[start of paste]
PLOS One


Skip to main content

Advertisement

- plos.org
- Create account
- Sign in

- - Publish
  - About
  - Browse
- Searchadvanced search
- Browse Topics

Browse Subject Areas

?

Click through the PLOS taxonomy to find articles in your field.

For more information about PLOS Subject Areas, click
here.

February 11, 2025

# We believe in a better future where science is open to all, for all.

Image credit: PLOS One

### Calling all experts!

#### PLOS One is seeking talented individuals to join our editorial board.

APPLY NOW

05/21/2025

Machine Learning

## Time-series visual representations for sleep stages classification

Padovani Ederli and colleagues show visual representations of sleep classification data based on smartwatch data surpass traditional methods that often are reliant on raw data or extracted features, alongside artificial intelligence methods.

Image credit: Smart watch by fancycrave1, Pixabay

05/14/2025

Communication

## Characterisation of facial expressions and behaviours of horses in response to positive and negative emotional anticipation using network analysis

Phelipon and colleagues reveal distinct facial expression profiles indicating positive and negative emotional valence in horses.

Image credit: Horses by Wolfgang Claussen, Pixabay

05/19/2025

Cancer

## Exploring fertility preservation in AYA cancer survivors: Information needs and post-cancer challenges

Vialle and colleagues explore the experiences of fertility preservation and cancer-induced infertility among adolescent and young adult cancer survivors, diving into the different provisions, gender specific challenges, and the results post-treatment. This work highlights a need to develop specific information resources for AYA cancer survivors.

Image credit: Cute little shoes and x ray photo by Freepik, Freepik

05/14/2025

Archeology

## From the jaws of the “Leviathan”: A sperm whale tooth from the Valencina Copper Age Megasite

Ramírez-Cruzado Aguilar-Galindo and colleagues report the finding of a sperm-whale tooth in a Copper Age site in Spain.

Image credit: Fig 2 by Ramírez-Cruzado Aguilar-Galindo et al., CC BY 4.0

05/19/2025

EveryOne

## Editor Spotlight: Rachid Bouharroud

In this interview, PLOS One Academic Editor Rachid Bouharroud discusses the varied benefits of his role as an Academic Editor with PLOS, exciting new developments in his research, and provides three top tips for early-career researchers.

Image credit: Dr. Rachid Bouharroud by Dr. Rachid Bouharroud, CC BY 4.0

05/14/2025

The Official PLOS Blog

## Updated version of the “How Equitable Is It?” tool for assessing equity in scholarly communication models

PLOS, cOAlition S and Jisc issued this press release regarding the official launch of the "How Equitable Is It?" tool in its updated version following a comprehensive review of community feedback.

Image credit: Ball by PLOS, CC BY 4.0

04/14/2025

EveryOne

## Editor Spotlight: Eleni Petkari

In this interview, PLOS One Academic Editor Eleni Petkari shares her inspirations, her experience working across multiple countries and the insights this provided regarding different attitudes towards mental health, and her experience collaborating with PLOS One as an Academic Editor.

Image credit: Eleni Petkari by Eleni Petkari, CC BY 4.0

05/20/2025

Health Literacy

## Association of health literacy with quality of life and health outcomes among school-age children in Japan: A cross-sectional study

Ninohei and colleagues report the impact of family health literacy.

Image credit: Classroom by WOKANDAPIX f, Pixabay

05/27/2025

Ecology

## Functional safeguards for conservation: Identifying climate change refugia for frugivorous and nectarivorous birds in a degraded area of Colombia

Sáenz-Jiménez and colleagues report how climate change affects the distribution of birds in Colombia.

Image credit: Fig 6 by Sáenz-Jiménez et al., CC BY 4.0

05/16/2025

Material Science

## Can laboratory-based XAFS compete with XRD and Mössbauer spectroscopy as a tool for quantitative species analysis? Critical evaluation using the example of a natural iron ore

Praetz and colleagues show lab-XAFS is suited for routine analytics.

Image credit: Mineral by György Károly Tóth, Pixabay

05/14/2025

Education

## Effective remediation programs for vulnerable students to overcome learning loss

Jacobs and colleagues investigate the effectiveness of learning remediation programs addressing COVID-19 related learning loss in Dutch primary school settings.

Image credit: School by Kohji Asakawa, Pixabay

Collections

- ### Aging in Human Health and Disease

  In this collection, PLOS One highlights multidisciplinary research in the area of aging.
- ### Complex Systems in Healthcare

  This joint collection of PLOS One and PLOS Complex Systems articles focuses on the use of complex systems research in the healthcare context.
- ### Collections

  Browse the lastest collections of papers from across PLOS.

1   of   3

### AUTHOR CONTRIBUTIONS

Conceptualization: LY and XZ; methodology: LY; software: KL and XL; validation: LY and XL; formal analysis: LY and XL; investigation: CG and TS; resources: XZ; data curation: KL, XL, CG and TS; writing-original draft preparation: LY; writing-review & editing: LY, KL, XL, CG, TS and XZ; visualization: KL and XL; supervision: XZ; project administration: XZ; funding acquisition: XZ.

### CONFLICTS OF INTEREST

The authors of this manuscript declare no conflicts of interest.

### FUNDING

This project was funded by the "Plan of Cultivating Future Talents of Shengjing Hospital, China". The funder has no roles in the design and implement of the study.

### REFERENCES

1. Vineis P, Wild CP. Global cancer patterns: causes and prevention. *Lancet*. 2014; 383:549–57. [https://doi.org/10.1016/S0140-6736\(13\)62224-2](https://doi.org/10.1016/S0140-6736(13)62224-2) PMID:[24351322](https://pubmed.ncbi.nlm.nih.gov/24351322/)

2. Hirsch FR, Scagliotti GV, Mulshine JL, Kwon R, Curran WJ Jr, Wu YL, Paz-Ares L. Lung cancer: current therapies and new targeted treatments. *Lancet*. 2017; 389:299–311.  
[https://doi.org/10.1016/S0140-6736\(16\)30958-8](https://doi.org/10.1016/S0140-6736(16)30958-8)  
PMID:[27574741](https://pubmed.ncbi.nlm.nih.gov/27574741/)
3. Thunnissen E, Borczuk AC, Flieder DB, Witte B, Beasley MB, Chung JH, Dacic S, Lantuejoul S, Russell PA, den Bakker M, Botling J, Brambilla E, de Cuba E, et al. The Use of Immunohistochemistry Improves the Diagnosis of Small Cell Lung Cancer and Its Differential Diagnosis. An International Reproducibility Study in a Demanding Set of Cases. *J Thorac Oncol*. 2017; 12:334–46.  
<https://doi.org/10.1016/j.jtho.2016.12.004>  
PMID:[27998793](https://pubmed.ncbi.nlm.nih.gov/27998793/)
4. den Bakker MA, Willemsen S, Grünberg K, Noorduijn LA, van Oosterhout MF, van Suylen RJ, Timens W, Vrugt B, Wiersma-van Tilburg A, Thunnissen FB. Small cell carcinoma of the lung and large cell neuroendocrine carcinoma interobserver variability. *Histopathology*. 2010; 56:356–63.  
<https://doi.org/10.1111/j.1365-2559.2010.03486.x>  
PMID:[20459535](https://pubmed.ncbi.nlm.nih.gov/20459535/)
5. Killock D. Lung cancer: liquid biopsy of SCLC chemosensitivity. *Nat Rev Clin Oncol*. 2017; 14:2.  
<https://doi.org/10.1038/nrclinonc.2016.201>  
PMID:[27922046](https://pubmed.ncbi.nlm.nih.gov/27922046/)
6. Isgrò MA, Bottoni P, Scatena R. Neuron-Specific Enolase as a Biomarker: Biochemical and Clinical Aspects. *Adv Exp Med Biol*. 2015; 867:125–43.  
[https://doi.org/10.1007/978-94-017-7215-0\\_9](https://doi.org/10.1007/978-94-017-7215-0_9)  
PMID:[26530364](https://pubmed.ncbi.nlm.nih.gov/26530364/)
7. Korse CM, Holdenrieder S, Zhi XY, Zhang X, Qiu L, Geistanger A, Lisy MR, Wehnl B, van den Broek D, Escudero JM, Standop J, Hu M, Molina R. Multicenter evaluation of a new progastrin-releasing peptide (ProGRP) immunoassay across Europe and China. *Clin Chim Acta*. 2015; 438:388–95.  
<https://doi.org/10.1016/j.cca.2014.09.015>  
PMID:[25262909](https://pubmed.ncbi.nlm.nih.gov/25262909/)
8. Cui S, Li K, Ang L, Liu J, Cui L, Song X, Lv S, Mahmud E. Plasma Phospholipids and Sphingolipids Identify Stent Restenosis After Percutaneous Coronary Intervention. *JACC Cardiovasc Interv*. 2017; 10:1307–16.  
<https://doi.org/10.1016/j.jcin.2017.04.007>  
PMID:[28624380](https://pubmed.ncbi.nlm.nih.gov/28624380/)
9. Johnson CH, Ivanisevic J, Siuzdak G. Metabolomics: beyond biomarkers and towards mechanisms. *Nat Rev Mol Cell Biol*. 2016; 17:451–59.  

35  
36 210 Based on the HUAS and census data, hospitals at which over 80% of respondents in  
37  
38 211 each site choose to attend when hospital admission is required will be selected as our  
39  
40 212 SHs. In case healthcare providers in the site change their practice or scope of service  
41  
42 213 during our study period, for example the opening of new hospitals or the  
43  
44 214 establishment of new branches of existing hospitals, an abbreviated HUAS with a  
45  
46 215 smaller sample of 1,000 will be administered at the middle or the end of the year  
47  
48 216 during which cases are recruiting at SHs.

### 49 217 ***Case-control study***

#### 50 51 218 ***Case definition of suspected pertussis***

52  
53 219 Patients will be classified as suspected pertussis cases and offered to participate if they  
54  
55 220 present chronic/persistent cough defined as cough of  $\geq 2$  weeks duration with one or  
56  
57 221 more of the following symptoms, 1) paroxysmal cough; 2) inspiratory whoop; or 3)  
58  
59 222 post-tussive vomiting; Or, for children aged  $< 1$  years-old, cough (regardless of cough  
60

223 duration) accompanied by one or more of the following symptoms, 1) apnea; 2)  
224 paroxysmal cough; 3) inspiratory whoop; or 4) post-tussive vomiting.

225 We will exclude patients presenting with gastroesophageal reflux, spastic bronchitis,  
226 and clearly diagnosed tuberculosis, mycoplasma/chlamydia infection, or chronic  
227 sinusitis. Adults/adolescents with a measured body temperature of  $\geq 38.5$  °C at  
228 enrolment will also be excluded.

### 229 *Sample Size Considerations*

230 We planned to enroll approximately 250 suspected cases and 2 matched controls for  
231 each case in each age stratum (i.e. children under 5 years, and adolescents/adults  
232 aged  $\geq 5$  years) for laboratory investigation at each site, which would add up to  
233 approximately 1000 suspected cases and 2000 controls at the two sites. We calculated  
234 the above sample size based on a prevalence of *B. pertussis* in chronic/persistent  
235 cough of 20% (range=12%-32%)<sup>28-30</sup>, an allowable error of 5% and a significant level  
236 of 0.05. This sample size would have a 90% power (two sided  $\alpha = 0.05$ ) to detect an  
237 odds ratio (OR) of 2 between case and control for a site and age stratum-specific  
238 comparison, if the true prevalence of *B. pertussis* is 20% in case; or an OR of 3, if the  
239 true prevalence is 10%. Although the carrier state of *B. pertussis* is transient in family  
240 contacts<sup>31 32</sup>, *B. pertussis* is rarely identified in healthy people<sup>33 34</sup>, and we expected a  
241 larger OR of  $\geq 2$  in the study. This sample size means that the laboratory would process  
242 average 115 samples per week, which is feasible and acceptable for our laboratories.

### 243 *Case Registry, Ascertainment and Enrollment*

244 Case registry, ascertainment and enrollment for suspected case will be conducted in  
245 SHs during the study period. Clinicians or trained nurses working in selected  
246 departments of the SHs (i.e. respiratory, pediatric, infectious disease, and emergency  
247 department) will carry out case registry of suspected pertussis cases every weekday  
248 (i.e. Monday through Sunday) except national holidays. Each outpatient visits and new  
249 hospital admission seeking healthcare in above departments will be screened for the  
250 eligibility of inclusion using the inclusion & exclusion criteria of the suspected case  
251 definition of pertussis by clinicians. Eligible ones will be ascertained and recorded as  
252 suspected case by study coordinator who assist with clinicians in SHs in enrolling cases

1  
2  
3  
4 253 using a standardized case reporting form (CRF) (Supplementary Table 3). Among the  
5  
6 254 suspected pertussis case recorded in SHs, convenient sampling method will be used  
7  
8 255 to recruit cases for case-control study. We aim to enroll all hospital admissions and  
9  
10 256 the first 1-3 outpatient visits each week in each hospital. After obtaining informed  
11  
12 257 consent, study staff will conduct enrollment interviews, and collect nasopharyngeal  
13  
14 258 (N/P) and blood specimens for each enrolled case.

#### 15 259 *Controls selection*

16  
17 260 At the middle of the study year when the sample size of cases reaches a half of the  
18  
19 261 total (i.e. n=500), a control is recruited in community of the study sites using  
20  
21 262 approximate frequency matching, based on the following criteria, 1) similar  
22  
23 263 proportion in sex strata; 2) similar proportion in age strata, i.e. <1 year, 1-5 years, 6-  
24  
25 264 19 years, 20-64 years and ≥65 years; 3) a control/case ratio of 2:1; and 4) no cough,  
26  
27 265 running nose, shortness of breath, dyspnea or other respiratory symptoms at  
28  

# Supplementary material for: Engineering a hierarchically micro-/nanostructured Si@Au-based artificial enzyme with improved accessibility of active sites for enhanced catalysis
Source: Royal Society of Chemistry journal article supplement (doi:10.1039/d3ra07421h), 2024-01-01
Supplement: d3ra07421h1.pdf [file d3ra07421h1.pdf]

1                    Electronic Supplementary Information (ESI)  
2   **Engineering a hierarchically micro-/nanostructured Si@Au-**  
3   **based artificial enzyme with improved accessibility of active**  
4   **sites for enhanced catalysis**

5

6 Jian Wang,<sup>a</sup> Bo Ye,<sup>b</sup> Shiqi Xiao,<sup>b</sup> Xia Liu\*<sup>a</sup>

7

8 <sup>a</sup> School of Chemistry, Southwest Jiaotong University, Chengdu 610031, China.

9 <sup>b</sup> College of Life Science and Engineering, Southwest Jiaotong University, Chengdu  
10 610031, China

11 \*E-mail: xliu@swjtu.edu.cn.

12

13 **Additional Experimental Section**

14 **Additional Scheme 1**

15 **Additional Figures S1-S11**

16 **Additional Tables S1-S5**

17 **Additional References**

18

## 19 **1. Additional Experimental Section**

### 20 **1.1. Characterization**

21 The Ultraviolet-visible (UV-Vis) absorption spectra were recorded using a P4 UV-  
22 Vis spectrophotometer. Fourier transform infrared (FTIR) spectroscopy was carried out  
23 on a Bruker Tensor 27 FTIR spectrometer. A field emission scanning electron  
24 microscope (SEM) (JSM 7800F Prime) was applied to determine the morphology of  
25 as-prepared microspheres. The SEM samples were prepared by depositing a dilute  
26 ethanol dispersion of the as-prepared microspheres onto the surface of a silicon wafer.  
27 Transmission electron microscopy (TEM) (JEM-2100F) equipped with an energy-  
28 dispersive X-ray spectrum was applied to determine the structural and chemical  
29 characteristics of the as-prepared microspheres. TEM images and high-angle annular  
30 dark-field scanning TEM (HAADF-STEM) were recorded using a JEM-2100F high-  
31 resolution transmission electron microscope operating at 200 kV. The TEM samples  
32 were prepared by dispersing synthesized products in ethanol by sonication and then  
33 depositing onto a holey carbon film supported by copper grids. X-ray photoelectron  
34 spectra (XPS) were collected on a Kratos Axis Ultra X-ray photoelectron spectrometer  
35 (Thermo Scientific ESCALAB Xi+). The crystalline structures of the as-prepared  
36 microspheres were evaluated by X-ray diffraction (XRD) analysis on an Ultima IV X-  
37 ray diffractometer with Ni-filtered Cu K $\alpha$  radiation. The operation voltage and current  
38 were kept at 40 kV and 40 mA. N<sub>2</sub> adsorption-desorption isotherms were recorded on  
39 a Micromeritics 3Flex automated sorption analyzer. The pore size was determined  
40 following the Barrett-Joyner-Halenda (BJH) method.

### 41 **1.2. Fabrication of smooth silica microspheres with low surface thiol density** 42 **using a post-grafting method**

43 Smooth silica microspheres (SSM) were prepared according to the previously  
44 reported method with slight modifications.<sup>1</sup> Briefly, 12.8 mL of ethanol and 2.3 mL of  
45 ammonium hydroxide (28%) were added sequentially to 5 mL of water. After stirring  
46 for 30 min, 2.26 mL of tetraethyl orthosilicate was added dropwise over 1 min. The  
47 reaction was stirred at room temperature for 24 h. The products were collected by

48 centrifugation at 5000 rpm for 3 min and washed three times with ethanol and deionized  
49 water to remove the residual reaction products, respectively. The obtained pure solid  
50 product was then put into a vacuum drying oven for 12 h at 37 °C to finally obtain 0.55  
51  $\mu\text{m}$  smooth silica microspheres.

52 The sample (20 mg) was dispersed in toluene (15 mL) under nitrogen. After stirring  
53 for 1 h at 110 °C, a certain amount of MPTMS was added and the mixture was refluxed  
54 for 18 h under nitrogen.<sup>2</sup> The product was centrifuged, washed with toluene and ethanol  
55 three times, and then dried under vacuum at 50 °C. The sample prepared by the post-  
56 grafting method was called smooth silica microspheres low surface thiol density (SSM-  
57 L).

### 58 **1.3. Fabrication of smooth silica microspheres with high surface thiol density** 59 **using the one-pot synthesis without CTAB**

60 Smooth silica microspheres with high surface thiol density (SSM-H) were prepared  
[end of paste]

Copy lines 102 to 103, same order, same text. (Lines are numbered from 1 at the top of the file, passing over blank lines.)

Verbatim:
PMID:[20459535](https://pubmed.ncbi.nlm.nih.gov/20459535/)
5. Killock D. Lung cancer: liquid biopsy of SCLC chemosensitivity. *Nat Rev Clin Oncol*. 2017; 14:2.  